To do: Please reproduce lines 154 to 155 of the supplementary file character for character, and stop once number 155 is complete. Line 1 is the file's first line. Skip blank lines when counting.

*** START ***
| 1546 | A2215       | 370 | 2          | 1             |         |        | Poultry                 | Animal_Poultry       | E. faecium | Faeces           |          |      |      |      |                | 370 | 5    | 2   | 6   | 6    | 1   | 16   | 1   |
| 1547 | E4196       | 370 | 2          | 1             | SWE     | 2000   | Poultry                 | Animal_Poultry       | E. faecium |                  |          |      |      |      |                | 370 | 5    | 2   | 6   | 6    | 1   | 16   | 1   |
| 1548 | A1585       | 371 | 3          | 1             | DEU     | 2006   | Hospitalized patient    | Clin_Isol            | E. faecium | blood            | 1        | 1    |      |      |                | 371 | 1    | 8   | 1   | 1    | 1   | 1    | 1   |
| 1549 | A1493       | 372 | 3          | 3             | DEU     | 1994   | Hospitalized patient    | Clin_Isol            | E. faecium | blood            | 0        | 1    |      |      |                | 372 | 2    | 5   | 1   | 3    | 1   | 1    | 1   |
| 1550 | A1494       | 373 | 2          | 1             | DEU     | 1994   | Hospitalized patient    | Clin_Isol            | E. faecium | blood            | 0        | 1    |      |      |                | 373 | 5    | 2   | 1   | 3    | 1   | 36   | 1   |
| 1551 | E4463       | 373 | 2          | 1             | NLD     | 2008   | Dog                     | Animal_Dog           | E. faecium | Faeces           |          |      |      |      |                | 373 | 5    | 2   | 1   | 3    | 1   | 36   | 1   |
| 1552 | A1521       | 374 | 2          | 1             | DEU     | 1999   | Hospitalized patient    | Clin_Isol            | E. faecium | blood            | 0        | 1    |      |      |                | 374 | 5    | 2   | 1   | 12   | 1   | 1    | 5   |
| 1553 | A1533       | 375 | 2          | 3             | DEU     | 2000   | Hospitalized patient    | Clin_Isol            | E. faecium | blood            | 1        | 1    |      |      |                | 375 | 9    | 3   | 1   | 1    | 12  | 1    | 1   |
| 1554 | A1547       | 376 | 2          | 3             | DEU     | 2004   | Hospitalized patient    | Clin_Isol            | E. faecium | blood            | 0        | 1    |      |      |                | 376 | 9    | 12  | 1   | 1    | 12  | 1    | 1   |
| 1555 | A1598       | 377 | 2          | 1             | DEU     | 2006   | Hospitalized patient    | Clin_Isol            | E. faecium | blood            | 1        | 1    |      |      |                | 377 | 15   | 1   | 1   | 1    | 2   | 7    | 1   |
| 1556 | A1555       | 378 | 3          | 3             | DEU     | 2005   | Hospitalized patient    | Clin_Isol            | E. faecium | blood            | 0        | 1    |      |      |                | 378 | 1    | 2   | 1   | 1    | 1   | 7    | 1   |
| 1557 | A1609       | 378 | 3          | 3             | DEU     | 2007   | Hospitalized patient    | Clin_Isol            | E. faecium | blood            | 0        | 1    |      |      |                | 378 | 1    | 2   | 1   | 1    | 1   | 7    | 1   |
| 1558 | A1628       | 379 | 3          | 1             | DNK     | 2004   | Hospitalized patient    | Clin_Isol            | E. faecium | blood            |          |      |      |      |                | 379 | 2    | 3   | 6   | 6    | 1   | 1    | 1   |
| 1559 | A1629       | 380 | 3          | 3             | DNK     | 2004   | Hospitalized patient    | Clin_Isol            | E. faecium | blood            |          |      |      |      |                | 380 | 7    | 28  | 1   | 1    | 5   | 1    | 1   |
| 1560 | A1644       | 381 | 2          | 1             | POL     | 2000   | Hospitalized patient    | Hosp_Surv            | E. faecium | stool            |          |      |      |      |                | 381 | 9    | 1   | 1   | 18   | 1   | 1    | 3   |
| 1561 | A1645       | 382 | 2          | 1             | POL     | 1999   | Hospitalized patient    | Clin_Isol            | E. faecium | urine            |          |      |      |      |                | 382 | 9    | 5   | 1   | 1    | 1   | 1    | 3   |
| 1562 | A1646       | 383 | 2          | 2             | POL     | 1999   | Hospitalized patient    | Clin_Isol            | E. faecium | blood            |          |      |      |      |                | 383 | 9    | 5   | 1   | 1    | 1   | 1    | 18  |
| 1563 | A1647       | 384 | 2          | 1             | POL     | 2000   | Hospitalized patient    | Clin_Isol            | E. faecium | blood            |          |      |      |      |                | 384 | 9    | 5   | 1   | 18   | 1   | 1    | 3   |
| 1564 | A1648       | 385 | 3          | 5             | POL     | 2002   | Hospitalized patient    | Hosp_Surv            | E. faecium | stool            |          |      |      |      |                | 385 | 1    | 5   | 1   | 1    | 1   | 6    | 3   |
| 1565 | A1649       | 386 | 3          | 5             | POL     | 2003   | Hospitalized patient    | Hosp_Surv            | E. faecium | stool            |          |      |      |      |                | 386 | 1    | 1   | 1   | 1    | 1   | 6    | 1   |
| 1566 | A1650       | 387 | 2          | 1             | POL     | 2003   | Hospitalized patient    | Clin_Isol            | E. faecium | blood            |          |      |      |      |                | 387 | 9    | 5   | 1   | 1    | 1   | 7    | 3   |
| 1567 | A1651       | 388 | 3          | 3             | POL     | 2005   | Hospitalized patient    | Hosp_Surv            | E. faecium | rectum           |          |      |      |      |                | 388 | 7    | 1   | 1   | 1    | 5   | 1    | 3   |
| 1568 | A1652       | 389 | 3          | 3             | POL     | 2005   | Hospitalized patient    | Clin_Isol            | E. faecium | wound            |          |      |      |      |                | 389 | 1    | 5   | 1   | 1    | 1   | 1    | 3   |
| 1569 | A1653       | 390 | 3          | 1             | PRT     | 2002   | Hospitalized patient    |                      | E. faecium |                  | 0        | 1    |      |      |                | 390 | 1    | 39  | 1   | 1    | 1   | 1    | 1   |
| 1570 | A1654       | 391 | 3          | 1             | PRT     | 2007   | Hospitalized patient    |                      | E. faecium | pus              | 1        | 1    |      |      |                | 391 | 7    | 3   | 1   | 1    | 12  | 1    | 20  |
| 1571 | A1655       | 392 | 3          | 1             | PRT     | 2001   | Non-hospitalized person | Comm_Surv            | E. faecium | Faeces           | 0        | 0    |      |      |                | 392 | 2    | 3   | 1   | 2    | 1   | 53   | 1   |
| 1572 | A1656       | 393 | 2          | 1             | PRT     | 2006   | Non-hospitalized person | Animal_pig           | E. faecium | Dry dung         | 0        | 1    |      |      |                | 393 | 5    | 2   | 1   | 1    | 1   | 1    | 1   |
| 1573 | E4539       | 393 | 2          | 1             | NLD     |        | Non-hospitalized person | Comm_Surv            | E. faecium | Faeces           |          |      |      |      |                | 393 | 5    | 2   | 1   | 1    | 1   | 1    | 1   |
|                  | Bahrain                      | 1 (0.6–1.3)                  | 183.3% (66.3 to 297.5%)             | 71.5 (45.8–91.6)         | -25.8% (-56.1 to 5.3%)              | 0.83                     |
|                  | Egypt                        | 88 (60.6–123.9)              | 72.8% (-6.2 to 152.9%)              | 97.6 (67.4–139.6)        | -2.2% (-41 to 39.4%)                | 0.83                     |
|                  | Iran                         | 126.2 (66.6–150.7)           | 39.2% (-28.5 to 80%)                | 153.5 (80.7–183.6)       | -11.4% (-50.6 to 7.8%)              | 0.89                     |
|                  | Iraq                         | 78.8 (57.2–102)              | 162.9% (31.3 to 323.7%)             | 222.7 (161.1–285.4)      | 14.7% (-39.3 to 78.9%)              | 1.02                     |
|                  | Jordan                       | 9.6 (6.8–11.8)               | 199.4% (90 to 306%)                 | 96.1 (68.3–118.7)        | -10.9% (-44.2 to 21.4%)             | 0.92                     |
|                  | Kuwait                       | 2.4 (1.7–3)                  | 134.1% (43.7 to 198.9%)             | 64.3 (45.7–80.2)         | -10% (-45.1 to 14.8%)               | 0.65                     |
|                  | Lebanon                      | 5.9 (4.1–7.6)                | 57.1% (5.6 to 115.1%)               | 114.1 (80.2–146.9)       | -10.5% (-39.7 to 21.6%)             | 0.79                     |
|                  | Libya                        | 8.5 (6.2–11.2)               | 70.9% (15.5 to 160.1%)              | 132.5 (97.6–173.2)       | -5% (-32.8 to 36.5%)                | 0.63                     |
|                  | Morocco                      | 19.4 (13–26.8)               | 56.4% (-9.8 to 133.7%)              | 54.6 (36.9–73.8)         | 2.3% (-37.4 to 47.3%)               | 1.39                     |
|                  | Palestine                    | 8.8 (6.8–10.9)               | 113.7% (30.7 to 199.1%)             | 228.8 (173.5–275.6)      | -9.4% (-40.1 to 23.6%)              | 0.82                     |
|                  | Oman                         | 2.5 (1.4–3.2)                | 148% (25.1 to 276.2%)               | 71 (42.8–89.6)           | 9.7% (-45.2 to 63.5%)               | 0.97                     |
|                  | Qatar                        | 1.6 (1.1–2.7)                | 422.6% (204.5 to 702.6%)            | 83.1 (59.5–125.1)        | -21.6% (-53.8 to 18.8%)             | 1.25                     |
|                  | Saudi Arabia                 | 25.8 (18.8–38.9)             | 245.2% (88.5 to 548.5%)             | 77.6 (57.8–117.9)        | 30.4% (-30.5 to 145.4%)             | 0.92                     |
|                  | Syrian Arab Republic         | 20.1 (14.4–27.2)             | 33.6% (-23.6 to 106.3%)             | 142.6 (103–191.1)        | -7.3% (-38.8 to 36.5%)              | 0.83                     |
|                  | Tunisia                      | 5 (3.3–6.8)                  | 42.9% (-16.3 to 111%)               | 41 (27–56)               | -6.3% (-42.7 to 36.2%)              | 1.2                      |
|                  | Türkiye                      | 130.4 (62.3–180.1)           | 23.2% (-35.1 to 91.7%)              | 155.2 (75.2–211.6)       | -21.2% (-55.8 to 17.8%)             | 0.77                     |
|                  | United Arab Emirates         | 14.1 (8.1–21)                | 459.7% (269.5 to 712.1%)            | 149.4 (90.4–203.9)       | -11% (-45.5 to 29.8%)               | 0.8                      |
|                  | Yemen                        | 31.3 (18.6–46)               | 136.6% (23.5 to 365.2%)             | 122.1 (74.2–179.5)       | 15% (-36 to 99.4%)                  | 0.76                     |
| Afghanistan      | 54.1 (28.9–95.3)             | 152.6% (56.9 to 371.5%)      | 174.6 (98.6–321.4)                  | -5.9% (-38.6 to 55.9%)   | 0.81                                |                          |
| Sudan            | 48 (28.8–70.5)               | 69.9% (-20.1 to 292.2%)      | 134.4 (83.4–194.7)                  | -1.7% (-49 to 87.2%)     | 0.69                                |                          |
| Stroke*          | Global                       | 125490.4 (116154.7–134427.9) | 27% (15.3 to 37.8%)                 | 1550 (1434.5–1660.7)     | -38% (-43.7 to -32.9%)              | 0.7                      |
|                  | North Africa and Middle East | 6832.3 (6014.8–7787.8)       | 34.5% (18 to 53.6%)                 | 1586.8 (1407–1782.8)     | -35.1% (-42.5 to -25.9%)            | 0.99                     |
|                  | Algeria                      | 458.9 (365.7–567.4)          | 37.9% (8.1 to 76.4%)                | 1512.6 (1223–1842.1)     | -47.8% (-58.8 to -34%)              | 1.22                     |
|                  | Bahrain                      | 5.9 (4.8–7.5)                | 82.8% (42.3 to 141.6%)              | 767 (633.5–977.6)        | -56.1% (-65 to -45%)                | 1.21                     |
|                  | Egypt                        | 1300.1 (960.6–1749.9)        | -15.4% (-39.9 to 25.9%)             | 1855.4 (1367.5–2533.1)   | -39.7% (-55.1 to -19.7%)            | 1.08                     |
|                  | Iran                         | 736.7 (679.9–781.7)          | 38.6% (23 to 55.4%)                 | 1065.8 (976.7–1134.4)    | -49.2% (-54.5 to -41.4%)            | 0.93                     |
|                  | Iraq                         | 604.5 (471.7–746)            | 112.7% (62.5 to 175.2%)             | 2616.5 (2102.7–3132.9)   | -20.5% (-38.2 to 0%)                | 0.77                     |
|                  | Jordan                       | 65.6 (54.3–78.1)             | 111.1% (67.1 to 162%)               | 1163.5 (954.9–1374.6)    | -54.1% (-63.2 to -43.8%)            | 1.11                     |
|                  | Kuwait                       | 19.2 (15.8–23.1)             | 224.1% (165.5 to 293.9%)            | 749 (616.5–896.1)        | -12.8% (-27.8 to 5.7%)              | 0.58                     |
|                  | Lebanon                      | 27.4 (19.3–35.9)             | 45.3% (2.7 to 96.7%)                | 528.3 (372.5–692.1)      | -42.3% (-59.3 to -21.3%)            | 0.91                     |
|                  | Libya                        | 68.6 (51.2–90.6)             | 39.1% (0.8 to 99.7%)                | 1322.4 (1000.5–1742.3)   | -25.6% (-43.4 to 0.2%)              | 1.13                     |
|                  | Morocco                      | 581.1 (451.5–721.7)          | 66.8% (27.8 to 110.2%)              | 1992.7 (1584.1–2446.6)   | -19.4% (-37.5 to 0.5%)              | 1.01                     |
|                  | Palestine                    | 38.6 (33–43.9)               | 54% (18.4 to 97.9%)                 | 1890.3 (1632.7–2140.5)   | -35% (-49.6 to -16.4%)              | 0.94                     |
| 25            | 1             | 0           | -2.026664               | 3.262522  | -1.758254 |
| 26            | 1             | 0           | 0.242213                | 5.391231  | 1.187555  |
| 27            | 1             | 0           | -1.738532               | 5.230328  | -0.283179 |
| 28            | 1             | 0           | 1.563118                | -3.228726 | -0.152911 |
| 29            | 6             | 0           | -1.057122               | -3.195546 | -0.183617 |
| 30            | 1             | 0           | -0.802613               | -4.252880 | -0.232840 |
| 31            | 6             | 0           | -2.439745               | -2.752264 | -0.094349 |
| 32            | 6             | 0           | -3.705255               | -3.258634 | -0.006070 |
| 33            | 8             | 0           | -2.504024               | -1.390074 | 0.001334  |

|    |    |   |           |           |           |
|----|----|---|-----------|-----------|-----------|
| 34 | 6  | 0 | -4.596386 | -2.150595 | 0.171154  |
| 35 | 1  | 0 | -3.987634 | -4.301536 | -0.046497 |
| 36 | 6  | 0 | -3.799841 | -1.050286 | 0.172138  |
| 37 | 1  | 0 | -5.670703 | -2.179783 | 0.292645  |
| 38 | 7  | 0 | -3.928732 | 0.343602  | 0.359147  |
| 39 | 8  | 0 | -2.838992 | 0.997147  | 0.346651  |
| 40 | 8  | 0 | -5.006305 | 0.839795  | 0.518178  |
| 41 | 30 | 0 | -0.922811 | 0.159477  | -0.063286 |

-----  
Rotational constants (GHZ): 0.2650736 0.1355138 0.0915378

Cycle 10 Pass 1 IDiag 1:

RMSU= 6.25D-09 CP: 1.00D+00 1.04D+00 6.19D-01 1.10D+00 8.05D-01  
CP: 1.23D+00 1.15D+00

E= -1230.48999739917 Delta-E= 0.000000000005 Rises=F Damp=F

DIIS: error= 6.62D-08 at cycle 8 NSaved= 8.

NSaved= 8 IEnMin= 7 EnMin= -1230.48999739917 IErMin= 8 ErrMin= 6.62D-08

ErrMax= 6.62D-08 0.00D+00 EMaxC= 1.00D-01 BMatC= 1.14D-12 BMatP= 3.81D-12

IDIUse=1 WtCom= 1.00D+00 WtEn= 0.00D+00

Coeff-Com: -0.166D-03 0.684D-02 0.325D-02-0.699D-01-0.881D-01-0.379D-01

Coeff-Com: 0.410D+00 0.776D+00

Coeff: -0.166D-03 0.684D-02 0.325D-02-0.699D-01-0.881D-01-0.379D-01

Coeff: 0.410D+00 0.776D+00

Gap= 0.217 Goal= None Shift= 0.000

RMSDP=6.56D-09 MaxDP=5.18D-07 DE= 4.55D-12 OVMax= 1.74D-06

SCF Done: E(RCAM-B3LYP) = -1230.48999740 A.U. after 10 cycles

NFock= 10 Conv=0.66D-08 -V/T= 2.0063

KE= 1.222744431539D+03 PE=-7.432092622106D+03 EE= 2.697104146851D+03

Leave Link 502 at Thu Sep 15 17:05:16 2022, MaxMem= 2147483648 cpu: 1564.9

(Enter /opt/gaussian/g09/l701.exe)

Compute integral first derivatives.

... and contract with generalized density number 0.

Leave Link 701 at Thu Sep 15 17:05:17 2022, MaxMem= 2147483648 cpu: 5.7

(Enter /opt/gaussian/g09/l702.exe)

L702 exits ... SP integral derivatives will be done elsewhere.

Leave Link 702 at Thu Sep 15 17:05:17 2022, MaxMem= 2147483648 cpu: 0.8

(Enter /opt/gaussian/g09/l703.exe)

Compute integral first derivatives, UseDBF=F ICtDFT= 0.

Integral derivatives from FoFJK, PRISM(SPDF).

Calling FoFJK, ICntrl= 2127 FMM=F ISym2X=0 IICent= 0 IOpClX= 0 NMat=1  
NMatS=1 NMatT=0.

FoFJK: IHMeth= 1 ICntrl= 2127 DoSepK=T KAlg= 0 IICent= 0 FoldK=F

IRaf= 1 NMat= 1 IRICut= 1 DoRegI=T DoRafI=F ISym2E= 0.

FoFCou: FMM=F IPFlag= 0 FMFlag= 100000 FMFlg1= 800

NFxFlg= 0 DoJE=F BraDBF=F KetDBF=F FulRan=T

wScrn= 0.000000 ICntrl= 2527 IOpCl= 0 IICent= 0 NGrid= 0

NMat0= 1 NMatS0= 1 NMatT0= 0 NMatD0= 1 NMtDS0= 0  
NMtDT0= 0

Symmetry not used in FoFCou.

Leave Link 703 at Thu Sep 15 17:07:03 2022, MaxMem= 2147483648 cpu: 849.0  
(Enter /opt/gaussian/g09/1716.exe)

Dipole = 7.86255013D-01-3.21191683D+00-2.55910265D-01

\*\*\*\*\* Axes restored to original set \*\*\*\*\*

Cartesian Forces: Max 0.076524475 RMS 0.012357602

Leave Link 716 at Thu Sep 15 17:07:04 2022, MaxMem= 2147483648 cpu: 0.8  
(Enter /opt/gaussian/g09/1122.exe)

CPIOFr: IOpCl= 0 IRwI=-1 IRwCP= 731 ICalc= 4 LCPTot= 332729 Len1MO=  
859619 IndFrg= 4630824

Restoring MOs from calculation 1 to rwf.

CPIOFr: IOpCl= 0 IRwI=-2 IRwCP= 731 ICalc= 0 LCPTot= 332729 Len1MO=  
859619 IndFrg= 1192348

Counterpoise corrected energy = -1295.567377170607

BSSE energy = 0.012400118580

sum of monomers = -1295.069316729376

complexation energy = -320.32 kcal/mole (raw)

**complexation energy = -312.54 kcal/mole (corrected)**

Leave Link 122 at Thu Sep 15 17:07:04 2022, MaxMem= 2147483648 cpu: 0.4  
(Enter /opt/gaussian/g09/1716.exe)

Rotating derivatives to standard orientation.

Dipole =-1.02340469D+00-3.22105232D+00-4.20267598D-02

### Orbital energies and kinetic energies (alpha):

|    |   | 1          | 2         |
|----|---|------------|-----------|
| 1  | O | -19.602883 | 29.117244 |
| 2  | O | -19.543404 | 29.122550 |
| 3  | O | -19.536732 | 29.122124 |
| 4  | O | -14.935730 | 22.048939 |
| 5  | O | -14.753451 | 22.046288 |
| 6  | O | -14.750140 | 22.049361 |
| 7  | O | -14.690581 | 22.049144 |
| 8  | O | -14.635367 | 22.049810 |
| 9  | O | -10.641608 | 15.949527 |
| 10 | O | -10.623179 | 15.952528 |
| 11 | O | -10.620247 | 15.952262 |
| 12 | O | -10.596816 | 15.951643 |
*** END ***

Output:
| 10 | O | -10.623179 | 15.952528 |
| 11 | O | -10.620247 | 15.952262 |